Tephna’s mother manages to make it to church on Nativity morning, but it is obvious to everyone that the walk up to Plumbob Hall for the tenants’ feast would be too much for her.
Her father tells her to take Oriel and Adam up to enjoy the feast; he will stay behind with his wife. Tephna hugs him gratefully.
Tephna walks up the hill arm in arm with Jaclyn. Adam rushes ahead of them with Jaclyn’s brother and sister Walter and Margery, all three of them excited to see jugglers and acrobats his lordship hires at this time of year.
When they arrive at the great house, they go first to the kitchen, to present the Cook Egidius with their families’ Nativity gifts, two chickens.
Ralf is there, chopping vegetables. His face lights up when he sees Tephna, but he cannot step away from his work.
The feast itself is a magnificent affair, with good food and drink, and all sorts of entertainment.
The gentlemen of the household act out a story.
When the high table moves on to the finest dishes, his lordship invites the villagers to dance for him.
The young men crowd around Oriel, eager to praise her golden hair and fine high brow. Tephna would worry about her sister, if Oriel didn’t seem to enjoy turning them down so much.
At the edge of the hall she spots Ralf, on a break from his duties. Tephna goes over to him. For all the sumptuous food and entertainment, this is what she has been looking forward to the most.
She does not tell him how frail her mother has grown. She knows his bright eyes would fill with tears, and he would want to talk of nothing else. She cannot have that, when their time together is so short. And so she tells him how much she enjoyed the meal, and they talk about the winter flowers they have seen, and what they mean to plant in their gardens this year.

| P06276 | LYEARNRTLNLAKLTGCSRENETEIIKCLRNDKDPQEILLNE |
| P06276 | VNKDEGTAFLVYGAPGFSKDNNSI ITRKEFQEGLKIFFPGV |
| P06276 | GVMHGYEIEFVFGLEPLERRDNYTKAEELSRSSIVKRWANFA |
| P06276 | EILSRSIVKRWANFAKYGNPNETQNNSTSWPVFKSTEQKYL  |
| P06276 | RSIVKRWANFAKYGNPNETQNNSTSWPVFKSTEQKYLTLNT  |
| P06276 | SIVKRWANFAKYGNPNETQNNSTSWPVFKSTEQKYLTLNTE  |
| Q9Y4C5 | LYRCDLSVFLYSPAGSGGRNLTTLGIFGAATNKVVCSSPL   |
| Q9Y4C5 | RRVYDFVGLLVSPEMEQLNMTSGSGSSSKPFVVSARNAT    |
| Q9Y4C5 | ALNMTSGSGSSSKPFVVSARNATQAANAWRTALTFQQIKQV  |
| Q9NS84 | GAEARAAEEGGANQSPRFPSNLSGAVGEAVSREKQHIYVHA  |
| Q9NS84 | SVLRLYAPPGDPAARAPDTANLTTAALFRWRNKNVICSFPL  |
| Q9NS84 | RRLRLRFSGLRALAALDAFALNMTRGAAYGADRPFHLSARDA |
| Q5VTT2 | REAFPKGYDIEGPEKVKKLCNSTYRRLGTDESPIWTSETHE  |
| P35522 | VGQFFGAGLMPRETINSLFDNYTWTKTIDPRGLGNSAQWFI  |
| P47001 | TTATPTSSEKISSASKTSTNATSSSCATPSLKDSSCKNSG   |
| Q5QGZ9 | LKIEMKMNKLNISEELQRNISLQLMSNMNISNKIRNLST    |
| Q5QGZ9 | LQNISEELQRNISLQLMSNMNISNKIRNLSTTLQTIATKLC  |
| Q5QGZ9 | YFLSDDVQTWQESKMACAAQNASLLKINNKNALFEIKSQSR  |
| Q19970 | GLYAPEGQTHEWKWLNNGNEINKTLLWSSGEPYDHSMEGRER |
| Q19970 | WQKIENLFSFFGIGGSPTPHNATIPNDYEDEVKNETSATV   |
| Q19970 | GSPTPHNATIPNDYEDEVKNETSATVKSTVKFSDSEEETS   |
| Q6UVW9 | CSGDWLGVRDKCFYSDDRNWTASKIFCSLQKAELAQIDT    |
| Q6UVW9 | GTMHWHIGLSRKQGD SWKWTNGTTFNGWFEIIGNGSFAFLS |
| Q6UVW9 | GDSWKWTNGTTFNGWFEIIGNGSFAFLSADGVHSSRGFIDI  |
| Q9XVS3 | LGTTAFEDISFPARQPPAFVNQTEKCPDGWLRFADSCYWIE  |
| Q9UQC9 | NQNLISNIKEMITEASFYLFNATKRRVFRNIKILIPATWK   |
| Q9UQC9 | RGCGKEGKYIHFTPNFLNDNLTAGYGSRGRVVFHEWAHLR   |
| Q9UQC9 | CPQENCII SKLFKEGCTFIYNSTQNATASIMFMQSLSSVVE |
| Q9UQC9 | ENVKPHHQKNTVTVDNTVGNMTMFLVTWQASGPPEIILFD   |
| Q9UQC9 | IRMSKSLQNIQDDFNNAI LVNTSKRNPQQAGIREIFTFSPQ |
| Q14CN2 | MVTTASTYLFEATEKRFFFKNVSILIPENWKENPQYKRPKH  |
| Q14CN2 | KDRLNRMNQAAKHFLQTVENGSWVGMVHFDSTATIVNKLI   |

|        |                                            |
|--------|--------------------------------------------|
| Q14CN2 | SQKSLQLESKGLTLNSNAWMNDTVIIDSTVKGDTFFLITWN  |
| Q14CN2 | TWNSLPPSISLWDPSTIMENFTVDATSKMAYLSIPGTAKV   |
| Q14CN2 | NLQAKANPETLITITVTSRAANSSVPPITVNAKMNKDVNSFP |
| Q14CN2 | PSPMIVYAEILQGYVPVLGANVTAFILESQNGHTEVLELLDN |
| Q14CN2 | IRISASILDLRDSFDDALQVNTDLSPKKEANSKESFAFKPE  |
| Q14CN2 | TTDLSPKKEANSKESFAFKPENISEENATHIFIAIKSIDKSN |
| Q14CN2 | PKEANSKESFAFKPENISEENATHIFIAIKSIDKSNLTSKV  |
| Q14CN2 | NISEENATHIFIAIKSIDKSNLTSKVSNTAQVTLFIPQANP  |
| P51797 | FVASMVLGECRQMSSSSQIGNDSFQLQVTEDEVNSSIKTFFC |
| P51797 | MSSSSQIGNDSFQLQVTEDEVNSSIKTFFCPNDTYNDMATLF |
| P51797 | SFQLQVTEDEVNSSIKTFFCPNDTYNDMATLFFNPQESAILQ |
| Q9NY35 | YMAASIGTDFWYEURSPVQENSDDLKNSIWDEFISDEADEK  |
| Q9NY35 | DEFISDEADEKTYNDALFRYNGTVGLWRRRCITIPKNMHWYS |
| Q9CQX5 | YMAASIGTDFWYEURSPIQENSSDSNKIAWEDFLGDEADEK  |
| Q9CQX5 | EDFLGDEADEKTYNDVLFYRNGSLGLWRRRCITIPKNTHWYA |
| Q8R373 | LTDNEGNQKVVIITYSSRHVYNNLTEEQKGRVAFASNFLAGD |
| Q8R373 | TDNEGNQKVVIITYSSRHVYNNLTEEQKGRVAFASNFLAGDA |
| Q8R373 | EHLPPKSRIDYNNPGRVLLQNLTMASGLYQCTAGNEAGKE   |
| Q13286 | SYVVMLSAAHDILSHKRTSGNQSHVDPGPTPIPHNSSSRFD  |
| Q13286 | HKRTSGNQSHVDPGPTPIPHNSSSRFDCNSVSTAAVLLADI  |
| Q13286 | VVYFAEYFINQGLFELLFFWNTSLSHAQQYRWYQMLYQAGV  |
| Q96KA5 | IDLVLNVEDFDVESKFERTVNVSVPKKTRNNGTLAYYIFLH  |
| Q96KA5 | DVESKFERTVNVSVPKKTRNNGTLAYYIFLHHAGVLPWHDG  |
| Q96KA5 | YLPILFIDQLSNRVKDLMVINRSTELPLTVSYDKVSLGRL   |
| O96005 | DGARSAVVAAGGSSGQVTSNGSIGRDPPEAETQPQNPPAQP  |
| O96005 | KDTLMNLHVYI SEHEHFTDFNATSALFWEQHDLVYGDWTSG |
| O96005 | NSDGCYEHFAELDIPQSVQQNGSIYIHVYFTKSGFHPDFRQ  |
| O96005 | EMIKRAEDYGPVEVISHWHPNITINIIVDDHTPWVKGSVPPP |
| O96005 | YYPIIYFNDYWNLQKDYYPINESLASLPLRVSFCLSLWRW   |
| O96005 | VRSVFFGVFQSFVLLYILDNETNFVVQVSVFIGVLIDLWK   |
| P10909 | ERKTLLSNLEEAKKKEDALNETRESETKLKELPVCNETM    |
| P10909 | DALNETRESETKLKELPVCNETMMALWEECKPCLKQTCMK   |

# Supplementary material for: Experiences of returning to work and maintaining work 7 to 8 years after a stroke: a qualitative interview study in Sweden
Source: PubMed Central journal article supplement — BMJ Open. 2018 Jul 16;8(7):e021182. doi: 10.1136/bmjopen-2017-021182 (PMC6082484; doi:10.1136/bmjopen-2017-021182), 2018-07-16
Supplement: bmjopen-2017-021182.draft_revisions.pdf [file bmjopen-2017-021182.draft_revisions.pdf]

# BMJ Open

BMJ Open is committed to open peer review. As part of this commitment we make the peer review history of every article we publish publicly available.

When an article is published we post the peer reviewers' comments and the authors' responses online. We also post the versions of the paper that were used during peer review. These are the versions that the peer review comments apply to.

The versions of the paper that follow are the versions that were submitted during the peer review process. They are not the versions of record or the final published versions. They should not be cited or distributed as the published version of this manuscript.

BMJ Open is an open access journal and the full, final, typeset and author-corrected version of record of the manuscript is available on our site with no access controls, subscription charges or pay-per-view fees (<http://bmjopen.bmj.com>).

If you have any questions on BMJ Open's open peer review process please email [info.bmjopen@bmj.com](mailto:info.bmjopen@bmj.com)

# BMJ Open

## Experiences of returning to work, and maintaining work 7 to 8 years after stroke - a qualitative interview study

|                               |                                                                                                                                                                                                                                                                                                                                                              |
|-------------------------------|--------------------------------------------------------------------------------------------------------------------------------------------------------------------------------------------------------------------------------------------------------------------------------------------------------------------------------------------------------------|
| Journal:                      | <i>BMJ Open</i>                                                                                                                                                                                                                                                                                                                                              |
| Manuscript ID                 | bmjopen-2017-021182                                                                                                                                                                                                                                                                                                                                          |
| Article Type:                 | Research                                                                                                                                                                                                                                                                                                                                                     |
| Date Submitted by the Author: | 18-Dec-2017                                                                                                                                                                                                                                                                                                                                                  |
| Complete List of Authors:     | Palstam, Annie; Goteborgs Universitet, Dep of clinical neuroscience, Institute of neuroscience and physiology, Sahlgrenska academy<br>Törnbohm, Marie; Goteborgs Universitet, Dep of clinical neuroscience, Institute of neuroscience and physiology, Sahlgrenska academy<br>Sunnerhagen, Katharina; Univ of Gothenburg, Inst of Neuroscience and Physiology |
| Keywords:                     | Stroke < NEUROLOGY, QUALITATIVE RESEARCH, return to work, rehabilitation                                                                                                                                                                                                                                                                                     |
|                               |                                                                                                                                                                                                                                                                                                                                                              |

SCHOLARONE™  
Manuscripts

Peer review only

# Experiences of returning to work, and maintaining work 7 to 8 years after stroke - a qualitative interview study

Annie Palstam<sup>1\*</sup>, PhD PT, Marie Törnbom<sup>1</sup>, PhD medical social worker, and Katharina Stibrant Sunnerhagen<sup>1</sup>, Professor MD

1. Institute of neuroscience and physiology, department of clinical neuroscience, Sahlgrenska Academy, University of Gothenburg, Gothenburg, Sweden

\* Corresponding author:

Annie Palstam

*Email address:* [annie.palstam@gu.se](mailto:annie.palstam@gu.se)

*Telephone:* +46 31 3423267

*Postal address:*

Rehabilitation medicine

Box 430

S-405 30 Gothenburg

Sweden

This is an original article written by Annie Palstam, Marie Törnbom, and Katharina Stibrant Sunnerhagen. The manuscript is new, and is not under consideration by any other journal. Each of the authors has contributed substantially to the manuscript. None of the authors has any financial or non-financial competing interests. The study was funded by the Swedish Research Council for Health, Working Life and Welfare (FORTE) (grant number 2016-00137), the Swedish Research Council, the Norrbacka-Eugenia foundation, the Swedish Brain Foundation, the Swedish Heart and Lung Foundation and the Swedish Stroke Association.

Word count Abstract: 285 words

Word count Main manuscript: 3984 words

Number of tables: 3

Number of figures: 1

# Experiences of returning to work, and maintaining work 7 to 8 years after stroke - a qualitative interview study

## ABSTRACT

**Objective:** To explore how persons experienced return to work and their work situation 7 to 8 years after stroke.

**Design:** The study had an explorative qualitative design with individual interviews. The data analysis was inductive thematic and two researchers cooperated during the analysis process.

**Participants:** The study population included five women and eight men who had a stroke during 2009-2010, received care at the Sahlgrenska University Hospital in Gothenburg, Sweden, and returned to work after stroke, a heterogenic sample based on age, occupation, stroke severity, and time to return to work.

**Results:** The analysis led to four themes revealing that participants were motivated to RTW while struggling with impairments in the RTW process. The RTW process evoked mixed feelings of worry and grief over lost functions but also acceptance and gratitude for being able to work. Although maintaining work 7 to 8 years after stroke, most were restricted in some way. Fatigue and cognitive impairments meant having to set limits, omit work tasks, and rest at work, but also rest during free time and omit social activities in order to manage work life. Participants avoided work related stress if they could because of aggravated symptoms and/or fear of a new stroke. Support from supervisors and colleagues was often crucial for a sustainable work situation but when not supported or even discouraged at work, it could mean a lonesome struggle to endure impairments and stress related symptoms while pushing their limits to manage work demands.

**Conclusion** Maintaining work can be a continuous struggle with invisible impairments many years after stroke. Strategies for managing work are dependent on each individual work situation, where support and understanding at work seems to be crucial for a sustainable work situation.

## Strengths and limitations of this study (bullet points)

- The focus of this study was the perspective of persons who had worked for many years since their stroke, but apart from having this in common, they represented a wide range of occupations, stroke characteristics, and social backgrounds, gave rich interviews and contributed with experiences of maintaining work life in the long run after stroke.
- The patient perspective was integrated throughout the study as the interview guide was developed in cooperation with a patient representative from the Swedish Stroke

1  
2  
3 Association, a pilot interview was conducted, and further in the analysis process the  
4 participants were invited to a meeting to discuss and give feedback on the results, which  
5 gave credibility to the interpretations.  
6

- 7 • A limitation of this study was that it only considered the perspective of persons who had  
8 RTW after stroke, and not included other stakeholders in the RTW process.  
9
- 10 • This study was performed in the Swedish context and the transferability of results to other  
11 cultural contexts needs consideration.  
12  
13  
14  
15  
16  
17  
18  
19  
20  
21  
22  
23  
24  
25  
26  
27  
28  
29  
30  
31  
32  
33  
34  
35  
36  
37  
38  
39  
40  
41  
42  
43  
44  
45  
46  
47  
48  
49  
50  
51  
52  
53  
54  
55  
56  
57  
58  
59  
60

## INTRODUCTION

Standing so close to Ralf, Tephna feels grateful all over again to her father for allowing her to come today.
When New Year’s Eve arrives, she tells him that it is his turn to go and celebrate with the other villagers, and hers to stay by her mother’s side.
To her delight, Jaclyn stops by to see the new year in with her. Tephna knows her best friend loves nothing more than a holiday feast, but Jaclyn insists she is just where she wants to be.
As they have their supper, a light snow starts to fall.
Tephna makes sure her mother has enough blankets on her bed.
She and Jaclyn stay up talking until their families come home.
The snow does not settle, and by Thursday the ground is soft enough to plant the first crops.
With the winter penitence far behind them, the bakery is open again.
Adam has a real knack for the work.
In her spare moments, Tephna still has lessons with Goodwife Jardine.
She tries to apply some of what she has learned to help ease her mother’s aching joints. Each evening, she whisks together honey, mint oil, and warm water to make an ointment for her. Honey is costly, but the alternatives would all make the mixture too dry for a woman of her age.
Tephna prays for her, too, every night, and by the Watcher’s grace her mother makes it through the week. Jaclyn’s father is not so lucky.
As soon as they hear the sad news, the whole family goes over to see Beatrice and the children.
Eda suggests someone should ride to Lockville to tell Jaclyn’s young man. Richard says he will go at once.
In the mean time, Tephna and Adam do their best to console their friends. They are all distraught; their father seemed perfectly well last night at bedtime.
Jaclyn feels angry, she cannot help it. Goodman Yates was not young, but neither was he sick or feeble. Surely the Watcher could have granted him a little time to prepare his soul for death, and to kiss his children goodbye.
All she can do, she knows, is pray for him and try to comfort his family. Her father stays with the Yates that night to keep watch against evil spirits.
The next day, Henry is laid to rest in the churchyard.